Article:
With an immediate fixed annuity, you give an insurance company a lump sum of money, and they immediately begin paying you a monthly income that's payable for the rest of your life, no matter how long you live. One common variation, called a joint and survivor annuity, continues a specified percentage of your income after your death to a spouse or beneficiary. It's also possible to build in a specified annual increase in your monthly income, say 3 percent, in case you're worried about inflation. Of course, either of these variations will cost you more money.
So what should you look for when buying an immediate fixed annuity? It boils down to two things:
- Price: How much monthly income does your investment buy?
- The safety of the insurance company: How secure is your annuity?
Here are my five tips for shopping for an annuity that best fits your needs:
- Shop, shop, shop. There are many highly-rated insurance companies that offer immediate fixed annuities, and at any point in time, one or two might be offering more monthly income for your investment dollars than the rest, due to their own capacity and marketing strategies. I recommend getting quotes from five to ten insurance companies, and making sure it's on an apples-to-apples comparison for the same type of annuity.
- Safety first. An immediate annuity should be considered the safe part of your retirement income. I'd suggest just investigating insurance companies with the highest two or three ratings from the rating agencies, such as A.M. Best or Standard & Poor's. If you think you'll be rewarded by taking an investment risk, do that with the portion of your retirement savings that you don't invest in an immediate annuity and invest these amounts in the stock market where there's more potential reward for taking investment risk.
- Keep it simple. Resist arguments from insurance agents to add costly riders, such as coupling the annuity with life insurance or long-term care insurance. These just make it difficult to comparison shop and add to the cost of your annuity.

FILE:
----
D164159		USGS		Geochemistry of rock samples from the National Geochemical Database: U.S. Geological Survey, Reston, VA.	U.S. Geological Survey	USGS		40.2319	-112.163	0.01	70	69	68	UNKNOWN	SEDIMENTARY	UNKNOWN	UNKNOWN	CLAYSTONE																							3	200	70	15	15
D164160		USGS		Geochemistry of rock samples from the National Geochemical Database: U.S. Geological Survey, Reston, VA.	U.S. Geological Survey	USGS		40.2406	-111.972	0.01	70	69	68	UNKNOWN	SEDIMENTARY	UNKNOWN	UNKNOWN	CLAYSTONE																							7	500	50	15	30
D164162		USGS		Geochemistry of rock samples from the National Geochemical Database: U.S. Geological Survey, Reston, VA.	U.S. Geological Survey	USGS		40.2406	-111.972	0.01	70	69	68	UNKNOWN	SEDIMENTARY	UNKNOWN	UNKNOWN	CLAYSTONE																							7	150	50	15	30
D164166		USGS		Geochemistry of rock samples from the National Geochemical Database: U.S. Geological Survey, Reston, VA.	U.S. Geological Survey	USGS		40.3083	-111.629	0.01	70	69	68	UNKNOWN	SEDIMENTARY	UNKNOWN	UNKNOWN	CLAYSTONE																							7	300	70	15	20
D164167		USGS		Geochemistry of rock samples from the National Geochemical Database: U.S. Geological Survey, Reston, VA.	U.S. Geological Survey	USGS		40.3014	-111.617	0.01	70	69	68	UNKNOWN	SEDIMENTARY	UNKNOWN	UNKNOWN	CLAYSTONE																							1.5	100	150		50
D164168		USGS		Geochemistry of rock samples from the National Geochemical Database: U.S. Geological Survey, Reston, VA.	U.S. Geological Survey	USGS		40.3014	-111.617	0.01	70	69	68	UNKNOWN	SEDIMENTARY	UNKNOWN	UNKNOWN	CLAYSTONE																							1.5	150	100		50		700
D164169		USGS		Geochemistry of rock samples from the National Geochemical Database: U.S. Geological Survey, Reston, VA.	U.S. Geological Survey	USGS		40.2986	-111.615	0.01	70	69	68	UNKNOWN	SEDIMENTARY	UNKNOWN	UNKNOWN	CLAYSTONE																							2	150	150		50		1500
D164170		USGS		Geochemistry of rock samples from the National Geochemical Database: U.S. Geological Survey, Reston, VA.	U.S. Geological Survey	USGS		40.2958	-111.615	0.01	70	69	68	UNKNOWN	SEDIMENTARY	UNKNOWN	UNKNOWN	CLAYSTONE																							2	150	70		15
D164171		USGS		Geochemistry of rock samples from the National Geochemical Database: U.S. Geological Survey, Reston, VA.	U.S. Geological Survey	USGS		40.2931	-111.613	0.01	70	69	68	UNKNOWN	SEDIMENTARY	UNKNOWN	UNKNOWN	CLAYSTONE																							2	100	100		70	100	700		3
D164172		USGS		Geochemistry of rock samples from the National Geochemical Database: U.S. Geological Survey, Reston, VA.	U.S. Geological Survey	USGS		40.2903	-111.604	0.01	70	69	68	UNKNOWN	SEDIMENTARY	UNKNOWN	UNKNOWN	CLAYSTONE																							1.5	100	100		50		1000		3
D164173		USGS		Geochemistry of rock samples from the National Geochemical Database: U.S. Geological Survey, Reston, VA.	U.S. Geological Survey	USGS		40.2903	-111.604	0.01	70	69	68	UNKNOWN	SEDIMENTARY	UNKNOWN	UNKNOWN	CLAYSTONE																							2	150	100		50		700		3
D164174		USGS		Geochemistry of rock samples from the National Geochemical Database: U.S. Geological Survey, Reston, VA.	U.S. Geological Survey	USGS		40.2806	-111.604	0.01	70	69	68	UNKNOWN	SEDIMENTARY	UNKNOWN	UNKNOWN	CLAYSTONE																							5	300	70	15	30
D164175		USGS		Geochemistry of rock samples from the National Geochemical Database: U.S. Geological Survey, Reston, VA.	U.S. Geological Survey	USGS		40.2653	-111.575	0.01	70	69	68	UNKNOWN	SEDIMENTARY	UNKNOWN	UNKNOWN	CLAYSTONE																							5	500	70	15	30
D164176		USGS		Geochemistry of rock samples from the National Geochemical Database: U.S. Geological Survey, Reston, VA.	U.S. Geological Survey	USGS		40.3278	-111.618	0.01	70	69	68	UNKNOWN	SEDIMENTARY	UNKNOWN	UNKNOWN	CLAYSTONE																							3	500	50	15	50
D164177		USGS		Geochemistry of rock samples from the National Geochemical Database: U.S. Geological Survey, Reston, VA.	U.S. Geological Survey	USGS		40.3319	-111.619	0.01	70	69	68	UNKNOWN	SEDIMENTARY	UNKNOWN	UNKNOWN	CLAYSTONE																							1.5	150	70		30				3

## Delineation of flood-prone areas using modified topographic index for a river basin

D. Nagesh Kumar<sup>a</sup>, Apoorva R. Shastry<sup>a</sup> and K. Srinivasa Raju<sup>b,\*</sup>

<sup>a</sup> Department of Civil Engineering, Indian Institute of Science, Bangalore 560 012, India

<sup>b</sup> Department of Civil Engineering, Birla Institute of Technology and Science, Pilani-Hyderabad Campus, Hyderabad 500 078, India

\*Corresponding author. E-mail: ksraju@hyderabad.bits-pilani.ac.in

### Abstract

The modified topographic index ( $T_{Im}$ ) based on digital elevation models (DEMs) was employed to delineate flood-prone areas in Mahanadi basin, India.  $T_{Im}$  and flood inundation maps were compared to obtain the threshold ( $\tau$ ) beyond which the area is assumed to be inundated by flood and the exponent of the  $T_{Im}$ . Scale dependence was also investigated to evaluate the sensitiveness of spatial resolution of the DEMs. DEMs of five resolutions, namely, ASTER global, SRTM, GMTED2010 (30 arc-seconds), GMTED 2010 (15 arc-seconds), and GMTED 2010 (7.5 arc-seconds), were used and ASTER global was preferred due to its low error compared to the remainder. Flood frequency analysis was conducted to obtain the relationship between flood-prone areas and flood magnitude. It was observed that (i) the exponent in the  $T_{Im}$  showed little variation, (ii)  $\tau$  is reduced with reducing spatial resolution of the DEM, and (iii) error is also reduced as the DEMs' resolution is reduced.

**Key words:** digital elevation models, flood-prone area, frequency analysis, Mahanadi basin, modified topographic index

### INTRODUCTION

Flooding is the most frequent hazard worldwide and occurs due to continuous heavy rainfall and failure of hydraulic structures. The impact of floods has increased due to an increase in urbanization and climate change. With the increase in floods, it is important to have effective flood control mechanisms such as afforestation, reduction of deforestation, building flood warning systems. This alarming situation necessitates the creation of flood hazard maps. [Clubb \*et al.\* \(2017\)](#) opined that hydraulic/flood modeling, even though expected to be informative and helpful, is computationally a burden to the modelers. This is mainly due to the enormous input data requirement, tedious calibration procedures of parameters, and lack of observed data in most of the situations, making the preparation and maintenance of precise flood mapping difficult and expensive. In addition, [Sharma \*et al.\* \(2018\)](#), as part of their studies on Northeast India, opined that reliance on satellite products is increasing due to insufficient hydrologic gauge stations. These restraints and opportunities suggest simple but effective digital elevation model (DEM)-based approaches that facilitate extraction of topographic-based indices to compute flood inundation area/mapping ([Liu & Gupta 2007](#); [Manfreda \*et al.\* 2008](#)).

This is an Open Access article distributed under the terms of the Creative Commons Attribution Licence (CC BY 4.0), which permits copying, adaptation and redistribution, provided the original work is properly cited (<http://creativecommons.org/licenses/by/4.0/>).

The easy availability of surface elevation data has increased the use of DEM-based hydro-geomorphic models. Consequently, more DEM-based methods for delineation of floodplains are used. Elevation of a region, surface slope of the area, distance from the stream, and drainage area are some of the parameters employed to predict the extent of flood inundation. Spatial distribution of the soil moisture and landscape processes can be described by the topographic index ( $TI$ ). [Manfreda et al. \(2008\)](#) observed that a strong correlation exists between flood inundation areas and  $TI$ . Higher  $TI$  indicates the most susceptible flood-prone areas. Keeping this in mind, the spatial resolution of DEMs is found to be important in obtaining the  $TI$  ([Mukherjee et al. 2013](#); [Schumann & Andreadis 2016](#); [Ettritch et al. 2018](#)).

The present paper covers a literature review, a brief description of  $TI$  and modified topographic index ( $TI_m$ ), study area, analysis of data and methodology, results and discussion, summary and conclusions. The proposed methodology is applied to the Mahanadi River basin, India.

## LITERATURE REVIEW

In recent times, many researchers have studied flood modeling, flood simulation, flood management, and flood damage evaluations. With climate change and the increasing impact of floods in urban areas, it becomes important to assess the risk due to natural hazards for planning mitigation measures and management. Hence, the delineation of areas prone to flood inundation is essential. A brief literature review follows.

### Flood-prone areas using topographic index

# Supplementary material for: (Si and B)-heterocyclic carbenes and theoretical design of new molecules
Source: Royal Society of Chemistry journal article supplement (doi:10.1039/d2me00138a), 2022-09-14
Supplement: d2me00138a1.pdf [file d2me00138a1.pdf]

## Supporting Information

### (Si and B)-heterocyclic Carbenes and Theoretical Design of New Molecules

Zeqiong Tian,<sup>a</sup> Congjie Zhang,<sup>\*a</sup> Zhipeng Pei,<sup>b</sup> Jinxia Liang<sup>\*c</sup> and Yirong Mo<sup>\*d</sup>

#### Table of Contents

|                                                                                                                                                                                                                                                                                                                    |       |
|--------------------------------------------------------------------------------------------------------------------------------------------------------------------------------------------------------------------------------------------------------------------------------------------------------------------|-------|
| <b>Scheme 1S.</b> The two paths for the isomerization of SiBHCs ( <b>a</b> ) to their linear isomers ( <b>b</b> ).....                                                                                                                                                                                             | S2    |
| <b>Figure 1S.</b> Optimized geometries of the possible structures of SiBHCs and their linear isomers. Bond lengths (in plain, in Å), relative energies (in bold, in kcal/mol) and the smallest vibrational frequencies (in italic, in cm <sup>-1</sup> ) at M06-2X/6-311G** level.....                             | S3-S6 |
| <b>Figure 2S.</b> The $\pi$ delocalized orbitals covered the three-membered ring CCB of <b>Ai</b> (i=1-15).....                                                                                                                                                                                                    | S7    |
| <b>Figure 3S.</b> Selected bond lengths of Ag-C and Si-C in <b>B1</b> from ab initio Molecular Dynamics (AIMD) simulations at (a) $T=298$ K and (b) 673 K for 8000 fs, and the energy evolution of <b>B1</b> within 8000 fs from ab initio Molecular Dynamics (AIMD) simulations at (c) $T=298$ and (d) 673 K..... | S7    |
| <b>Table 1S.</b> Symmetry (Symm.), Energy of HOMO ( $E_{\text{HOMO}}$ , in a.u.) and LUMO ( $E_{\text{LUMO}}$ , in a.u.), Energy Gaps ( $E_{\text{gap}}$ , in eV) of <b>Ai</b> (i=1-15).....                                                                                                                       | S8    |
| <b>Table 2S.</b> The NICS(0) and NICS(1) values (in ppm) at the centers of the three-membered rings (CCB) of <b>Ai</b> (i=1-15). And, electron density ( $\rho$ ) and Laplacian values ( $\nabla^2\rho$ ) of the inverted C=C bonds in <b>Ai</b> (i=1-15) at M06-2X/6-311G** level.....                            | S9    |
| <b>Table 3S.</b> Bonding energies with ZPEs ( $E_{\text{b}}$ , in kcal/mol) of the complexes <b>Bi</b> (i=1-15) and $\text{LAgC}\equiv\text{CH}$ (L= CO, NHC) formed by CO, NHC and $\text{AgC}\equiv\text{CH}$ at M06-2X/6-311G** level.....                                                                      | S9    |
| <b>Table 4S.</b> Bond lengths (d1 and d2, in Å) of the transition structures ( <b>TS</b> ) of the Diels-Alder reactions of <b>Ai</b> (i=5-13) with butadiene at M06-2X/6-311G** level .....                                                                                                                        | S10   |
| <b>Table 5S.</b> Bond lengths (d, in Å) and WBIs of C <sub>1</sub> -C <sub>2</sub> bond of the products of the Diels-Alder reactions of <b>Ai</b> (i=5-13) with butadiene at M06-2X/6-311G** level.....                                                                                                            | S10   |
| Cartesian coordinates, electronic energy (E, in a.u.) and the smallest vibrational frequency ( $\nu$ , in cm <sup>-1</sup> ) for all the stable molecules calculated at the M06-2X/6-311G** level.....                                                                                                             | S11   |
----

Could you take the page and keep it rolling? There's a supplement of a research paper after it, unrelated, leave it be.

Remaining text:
- Understand the treatment of sales commissions. These come right out of your investment -- higher commission to the agent means less monthly income for you. The best way to deal with this is to make sure that the amount of the monthly income quoted is net of sales charges, so that your comparison shopping takes the commission level into account. Whether you're working with an insurance agent or a shopping service, ask about the commissions. If you can't get a straight answer, go somewhere else.
- Consider diversification. You might consider spreading your annuity purchase among two or three insurance companies to reduce your exposure to insurance company bankruptcy. For example, suppose you have $300,000 to invest in an annuity. For each insurance company, get quotes on investing $100,000, $200,000, and $300,000. If you spread your investment among two or three insurance companies, your total income might not be much less than putting all your investment with one company, and you'll have more peace of mind.
- You can bid your investment among several insurance companies.
- You can see the safety ratings of all the companies.
- There should be transparent disclosure of commission costs.
- You can easily vary the amount of investment with each insurance company to help you analyze the benefit of diversification, as discussed in the last point above.
- There's no agent trying to talk you into costly riders.
Buying an immediate annuity is a complex decision, and usually you can't change your mind once you've made the purchase. That's why it's critical to do your homework first. You'll learn a lot from the online services mentioned above, but even still, it's reasonable that you might need some professional help. If this describes you, here's one more tip: I wouldn't work with someone who has a stake in your decision.
This includes commissioned insurance agents who might steer you to the insurance company that pays them the highest commissions, or try to talk you into expensive riders. It also includes fee-only planners who charge a percentage of assets under management. They might be tempted to talk you out of buying an annuity, since that reduces their income by reducing the amount of assets under management. Instead, I'd work with a qualified planner who charges on an hourly basis.
In future posts, I'll cover a few strategies for getting the most out of immediate annuities, such as delaying the purchase, staggering your purchases, and whether immediate variable annuities make sense. Understanding these tips and strategies and then doing your research may sound like a lot of work, but considering that you're building a monthly paycheck for the rest of your life, it's certainly worth the effort.
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